Prosecutor's crime reconstructionist in the Eggleston trials
Englert was paid $350/hour
Englert's testimony described a detailed scenario of the gun battle, claiming to have knowledge of the timing and movements of Bananola and Eggleston around the 900 square foot house. He testified that blood stains prove that Eggleston stood in the living room and shot Bananola in the head three times, even though none of Eggleston's blood was found on the living room floor. Eggleston was shot in the hallway and was swimming in a pool of his own blood with bullet wounds in his testical, chest, stomach and knee. Photos show the bloody hallway.
Englert was hired by the prosecution as the State of Indiana's expert on crime scene reconstruction in the case against former Indiana state trooper David Camm, who was charged with murdering his wife and two children. Englert testified that Camm had high velocity blood spatter on the shirt he was wearing the night of the murders.
WLKY.com on Sep 12, 2013 referred to Englert as a “Liar for Hire.”
Camm had three trials and was acquitted on October 24, 2013.
Before Camm's second trial, new DNA evidence linked former convict Charles Boney to the murder; Boney was convicted and sentenced to 225 years in prison.
According to WDRB.com on May 1, 2014, Camm served notice of his intention to sue Floyd county and the state of Indiana for wrongful conviction. Englert and his “protégé” Robert Stites are named in the $30 million lawsuit, along with the Floyd County prosecutor Stan Faith, who hired Englert and Stites.
Stites admitting he had perjured himself in the first two trials and his credentials were fabricated; he had no training in blood splatter analysis. Stites' assertion that the spots on David Camm's shirt were high velocity impact splatter (HVIS) was the cornerstone of the probable cause affidavit that led to Camm's arrest and his testimony at the first two trials helped the prosecution win Camm's convictions.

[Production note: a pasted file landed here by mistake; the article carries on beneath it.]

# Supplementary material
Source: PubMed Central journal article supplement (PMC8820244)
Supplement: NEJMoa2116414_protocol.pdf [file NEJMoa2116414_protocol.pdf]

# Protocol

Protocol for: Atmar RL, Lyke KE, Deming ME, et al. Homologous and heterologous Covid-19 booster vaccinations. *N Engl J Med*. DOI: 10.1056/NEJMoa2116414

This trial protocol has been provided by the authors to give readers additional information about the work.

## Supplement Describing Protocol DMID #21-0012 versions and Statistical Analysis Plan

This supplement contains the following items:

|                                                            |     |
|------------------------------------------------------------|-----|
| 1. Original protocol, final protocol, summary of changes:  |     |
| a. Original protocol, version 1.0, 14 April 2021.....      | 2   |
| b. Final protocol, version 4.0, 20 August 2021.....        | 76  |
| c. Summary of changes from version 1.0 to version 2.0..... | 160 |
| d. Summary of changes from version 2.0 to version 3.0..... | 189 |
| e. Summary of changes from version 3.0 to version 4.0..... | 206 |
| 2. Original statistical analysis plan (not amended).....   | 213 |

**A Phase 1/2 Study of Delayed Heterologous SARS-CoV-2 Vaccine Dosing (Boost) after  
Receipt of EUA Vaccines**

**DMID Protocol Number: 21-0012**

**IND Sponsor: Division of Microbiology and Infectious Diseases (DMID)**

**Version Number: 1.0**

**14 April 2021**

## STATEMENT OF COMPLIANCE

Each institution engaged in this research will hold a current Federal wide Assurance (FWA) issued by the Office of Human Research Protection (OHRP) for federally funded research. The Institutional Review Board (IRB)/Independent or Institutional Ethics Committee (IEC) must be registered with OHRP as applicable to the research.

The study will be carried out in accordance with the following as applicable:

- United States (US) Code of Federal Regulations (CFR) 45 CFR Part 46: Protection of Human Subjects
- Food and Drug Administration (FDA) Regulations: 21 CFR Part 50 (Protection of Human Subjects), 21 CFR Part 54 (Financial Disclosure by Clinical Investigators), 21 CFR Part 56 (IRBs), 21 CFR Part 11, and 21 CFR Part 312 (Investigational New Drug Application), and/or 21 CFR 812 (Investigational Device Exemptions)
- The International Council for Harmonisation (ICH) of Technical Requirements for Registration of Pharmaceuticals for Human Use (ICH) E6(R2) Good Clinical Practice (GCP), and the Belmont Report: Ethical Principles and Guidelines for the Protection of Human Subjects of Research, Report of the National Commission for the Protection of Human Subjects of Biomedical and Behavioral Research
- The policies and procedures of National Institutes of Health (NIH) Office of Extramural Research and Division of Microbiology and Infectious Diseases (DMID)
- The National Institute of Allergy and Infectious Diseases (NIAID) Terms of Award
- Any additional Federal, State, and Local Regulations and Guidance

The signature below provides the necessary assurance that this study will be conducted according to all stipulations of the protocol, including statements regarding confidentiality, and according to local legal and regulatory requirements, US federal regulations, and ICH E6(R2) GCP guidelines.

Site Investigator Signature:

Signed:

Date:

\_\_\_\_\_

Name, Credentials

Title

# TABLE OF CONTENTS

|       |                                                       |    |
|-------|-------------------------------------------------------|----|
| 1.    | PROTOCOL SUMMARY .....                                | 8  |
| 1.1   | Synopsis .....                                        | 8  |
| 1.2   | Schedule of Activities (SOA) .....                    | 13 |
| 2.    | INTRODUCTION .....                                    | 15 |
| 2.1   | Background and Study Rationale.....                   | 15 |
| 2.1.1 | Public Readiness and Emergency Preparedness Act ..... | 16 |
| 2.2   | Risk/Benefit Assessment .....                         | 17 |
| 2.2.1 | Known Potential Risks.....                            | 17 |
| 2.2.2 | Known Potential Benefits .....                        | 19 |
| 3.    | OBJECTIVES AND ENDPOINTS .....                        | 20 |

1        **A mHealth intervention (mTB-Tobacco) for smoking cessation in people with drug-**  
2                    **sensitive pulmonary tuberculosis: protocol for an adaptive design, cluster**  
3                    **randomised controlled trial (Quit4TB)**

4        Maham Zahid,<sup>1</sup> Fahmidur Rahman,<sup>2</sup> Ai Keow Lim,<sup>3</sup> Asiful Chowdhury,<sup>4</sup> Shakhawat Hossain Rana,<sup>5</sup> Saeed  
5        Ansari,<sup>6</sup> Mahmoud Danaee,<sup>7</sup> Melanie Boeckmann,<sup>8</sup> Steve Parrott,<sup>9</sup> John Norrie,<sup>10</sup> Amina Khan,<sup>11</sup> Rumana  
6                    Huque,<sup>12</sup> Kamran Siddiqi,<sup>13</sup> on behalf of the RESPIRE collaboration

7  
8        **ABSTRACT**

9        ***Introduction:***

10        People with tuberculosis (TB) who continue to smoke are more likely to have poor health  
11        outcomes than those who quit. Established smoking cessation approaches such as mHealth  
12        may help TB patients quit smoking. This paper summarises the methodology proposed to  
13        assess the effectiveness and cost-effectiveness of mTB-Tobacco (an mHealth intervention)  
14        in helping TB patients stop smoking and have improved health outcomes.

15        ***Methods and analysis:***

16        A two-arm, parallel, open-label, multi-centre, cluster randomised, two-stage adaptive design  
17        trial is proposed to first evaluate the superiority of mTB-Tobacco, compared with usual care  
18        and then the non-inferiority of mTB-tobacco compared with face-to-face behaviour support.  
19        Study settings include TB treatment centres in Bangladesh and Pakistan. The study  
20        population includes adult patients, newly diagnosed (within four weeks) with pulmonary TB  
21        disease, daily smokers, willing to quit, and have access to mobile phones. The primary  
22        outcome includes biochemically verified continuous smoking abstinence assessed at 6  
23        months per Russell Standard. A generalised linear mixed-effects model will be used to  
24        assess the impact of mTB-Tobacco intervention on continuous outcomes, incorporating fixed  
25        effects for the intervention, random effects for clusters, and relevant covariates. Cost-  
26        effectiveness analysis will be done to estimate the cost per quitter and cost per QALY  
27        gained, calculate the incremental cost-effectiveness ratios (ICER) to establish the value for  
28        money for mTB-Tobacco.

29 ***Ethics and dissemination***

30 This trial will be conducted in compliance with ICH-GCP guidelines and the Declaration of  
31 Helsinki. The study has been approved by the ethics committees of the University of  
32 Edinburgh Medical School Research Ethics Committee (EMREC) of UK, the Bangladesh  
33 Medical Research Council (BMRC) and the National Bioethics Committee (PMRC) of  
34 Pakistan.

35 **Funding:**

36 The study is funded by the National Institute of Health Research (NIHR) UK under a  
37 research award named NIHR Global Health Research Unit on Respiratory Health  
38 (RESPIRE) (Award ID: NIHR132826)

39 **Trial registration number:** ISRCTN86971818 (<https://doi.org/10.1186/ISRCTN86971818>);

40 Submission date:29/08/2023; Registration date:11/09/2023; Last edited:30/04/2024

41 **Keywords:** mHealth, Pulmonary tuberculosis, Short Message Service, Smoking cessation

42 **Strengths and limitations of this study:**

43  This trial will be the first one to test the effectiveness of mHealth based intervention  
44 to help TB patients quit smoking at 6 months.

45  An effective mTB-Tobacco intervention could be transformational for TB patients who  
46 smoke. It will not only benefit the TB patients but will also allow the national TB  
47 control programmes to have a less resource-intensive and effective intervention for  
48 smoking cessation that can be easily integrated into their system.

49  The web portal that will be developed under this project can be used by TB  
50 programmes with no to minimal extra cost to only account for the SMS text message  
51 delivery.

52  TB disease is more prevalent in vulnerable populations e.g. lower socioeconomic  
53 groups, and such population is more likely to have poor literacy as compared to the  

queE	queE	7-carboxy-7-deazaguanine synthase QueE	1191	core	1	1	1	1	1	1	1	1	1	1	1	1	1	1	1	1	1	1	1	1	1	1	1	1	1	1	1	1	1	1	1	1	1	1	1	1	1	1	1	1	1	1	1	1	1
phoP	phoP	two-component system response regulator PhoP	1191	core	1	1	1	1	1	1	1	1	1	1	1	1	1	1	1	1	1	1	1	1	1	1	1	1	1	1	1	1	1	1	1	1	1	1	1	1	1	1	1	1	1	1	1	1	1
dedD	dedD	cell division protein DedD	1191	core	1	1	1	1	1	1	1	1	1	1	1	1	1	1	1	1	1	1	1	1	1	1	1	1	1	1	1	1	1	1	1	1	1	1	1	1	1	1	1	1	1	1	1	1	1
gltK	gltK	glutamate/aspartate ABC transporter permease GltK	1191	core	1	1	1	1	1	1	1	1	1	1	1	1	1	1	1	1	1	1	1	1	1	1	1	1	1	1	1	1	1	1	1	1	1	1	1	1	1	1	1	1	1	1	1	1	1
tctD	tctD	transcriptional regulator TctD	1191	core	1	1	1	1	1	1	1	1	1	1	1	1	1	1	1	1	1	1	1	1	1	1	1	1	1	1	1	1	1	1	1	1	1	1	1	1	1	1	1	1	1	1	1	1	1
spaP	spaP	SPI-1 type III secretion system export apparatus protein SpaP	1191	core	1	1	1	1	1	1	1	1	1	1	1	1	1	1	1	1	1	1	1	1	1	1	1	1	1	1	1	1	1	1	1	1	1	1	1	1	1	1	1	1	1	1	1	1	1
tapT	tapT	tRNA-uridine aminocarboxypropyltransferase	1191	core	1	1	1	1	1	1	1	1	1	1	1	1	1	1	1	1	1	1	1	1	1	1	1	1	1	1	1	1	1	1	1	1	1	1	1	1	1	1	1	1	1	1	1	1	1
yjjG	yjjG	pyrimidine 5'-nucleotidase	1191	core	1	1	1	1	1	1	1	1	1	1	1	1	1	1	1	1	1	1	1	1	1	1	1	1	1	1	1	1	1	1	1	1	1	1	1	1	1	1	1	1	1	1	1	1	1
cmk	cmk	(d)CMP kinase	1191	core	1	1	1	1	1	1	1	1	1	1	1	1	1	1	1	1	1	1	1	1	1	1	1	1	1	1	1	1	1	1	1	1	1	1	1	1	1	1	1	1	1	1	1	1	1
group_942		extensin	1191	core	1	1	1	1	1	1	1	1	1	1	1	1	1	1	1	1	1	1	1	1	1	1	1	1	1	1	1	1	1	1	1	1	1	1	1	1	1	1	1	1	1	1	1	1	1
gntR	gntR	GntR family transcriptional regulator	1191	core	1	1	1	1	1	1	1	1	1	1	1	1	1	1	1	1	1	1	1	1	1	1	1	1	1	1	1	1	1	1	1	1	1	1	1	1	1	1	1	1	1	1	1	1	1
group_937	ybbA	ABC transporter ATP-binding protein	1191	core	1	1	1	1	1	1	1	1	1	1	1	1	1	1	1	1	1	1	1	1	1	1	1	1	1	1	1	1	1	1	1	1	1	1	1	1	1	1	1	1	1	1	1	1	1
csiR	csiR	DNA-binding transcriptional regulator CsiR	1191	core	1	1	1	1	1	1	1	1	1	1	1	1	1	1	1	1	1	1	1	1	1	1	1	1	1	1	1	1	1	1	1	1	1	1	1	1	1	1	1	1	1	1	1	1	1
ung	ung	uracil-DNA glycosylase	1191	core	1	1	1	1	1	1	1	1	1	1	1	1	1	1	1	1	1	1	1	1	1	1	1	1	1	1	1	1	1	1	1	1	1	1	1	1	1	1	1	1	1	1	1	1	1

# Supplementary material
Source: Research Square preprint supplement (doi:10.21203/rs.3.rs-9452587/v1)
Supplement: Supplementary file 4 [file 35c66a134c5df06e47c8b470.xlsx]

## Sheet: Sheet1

According to Wikipedia: The heavy reliance on blood spatter evidence in this case was widely criticized. In his review of the case, former federal prosecutor Kent Wicker said "Blood spatter evidence has come under a lot of criticism in the past few years. In 2009 The National Academy of Sciences issued a report criticizing the scientific foundation of that." The report released by The National Academy of Sciences calls for more standardization within a number of forensic fields including blood spatter analysis. The report highlights the ability of blood spatter analysts to overstate the reliability of their methods in the court room.
The case is noted for the extensive allegations of prosecutorial misconduct, including witness tampering, evidence tampering, perjury and an overall shoddy investigation and has been detailed in numerous forensic textbooks.
According to Jim FisherTrue Crime Blog on May 3, 2016, “Sometimes prosecutors just don't know when to quit. Moreover, the David Camm case, featuring dueling experts in blood spatter interpretation, is an embarrassment to forensic science. Blood spatter analysis, while perhaps an investigative tool, is not a science and shouldn't be presented as such in a court of law.”